That’s why I was hoping to follow the way they did it.

Well I know I would need to utilize the map regardless, I’m talking about generating it, im not sure if i could do that with the limited memory so might need to do it PC-side somehow and save the maps.

Although I would still like to try to do it as efficiently as possible just in case I am able to implement it on the Arduboy lol

Oh yeah, they establish that in the MainGame.h file but actually bring it into their game here, I should’ve added a note.

As for the bulk of your reply, the line numbers I added were just for me to roughly narrow down where these things were (so i wouldn’t have to go searching every single time), I know it isn’t the exact lines, it was meant to be more of a rough note (but all of that still definitely helps, thanks!)

I really don’t like python, that was just meant to illustrate the principal.

Yeah, that’s why I have both on the list, but I still wasn’t 100% sure where i would use one versus the other but rendering makes much more sense. Ill look at those other resources as well, thanks!

Also I saw escaper droid and was looking at the code before i initially posted, but it seems to be set up pretty differently from the firestarter code.

The modulo operator can be used to map a sequence of increasing integers to a sequence of repeating integers.

E.g.

x x % 5
0 0
1 1
2 2
3 3
4 4
5 0
6 1
7 2
8 3
9 4
10 0
11 1
12 2
13 3
14 4
15 0

Thus you can use it to force coordinates to wrap around back to the start of the space, which means that you can use it to make sure that an entity never ventures beyond the limits of the world space.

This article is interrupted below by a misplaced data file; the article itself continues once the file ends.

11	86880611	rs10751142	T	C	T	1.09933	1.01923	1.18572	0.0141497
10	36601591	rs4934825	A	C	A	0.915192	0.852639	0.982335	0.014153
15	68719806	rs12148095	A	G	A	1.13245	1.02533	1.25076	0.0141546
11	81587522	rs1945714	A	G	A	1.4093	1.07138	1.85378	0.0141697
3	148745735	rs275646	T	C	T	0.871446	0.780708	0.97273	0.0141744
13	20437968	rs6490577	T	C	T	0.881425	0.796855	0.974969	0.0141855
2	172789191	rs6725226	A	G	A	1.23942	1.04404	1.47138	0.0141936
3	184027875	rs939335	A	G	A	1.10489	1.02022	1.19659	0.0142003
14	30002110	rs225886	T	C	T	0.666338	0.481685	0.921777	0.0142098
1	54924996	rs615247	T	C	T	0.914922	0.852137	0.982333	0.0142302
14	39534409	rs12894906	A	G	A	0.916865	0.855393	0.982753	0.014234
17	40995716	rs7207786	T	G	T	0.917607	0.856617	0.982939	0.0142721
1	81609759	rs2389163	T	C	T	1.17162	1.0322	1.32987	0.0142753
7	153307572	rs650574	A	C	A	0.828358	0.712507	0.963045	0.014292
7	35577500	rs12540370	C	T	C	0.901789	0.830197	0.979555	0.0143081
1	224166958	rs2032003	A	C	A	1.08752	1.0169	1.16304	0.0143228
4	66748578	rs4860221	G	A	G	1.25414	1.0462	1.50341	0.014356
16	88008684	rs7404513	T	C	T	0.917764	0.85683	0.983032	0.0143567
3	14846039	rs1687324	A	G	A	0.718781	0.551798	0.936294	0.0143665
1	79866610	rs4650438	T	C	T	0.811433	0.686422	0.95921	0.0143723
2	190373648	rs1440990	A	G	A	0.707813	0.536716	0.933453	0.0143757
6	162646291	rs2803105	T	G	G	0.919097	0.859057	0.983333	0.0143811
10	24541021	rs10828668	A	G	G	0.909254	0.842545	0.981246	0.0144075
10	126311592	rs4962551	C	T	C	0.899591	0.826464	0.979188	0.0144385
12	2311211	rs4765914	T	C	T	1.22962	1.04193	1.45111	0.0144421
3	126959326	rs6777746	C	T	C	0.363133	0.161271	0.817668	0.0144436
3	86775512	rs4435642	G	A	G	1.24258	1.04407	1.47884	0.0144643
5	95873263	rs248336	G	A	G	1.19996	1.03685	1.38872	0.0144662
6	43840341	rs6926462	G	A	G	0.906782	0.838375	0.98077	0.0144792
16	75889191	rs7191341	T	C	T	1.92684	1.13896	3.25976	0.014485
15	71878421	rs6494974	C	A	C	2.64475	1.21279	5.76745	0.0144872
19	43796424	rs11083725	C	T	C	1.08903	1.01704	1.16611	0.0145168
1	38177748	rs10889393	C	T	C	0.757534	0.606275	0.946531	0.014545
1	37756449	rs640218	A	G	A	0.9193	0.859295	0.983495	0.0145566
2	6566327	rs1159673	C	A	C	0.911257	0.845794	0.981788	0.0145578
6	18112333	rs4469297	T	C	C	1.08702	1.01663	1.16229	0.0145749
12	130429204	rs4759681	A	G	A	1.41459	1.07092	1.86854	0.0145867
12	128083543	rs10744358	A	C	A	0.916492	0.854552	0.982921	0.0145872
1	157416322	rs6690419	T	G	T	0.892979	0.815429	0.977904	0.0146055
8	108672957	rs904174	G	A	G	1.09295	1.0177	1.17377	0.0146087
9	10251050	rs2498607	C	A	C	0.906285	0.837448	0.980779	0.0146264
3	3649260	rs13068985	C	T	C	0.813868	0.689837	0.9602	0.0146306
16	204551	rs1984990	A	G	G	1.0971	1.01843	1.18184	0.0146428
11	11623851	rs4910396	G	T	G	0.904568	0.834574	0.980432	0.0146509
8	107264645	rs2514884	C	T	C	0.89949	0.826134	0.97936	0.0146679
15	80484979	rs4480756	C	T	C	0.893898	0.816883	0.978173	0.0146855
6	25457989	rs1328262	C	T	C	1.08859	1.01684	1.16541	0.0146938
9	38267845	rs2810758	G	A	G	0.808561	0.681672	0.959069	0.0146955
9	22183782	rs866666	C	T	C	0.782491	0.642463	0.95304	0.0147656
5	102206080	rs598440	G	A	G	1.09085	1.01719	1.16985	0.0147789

Negative coordinates require a bit more work, but they’re doable.

Mapping the coordinates onto a torus isn’t actually the intent, it’s just what happens as a side effect when you make the coordinates of a 2D plane wrap back around to the start. (Theoretically to actually turn a 2D plane into a torus you’d have to stretch it a bit, but you can ignore that for the sake of argument.)

Mapping a 2D plane onto to a sphere would be far more complicated because a 2D plane does not map nicely and coincidentally onto a sphere. It is possible to make games where you’re more or less walking around a sphere (Mario Galaxy is the best example I can think of), but I think you’d need a 3D projection to do it, I can’t imagine a way that it would work with isometric graphics. At least, not unless you made your world 3D. But at any rate, the point is that it’s way too complicated and not really worth the effort (in this case).

It depends how much structure you want to the world. If your world is going to have roads forming a grid and then just a pseudorandom assortment of buildings and you aren’t worried too much about the spread of the buildings then it’s trivially easy, you’d just use a random number generator to select the buildings.

If you are worried about the number of each kind of building, you can still potentially get away with use using a PRNG to pseudorandomly place the buildings. Getting an even spread would be a bit more difficult, but still not too difficult.

If you want roads that are more winding or complex then it could be a bit more difficult, but even then I doubt you’d need many hardware resources.

It’s impossible to be more specific without knowing what you want your worlds to be like.
E.g. what types of buildings you’d have, how regular or twisty you want the roads to be.

Nor do I. I don’t hate it quite as much as JavaScript, but it’s certainly on my list of ‘least-liked languages’.

Both articles actually use the same coordinate mapping.
These two functions are equivalent - they express the same thing in different languages using different constructs:

public static function twoDToIso(pt:Point):Point{
	//gx=(isox-isoxy;
	//gy=(isoy+isox)/2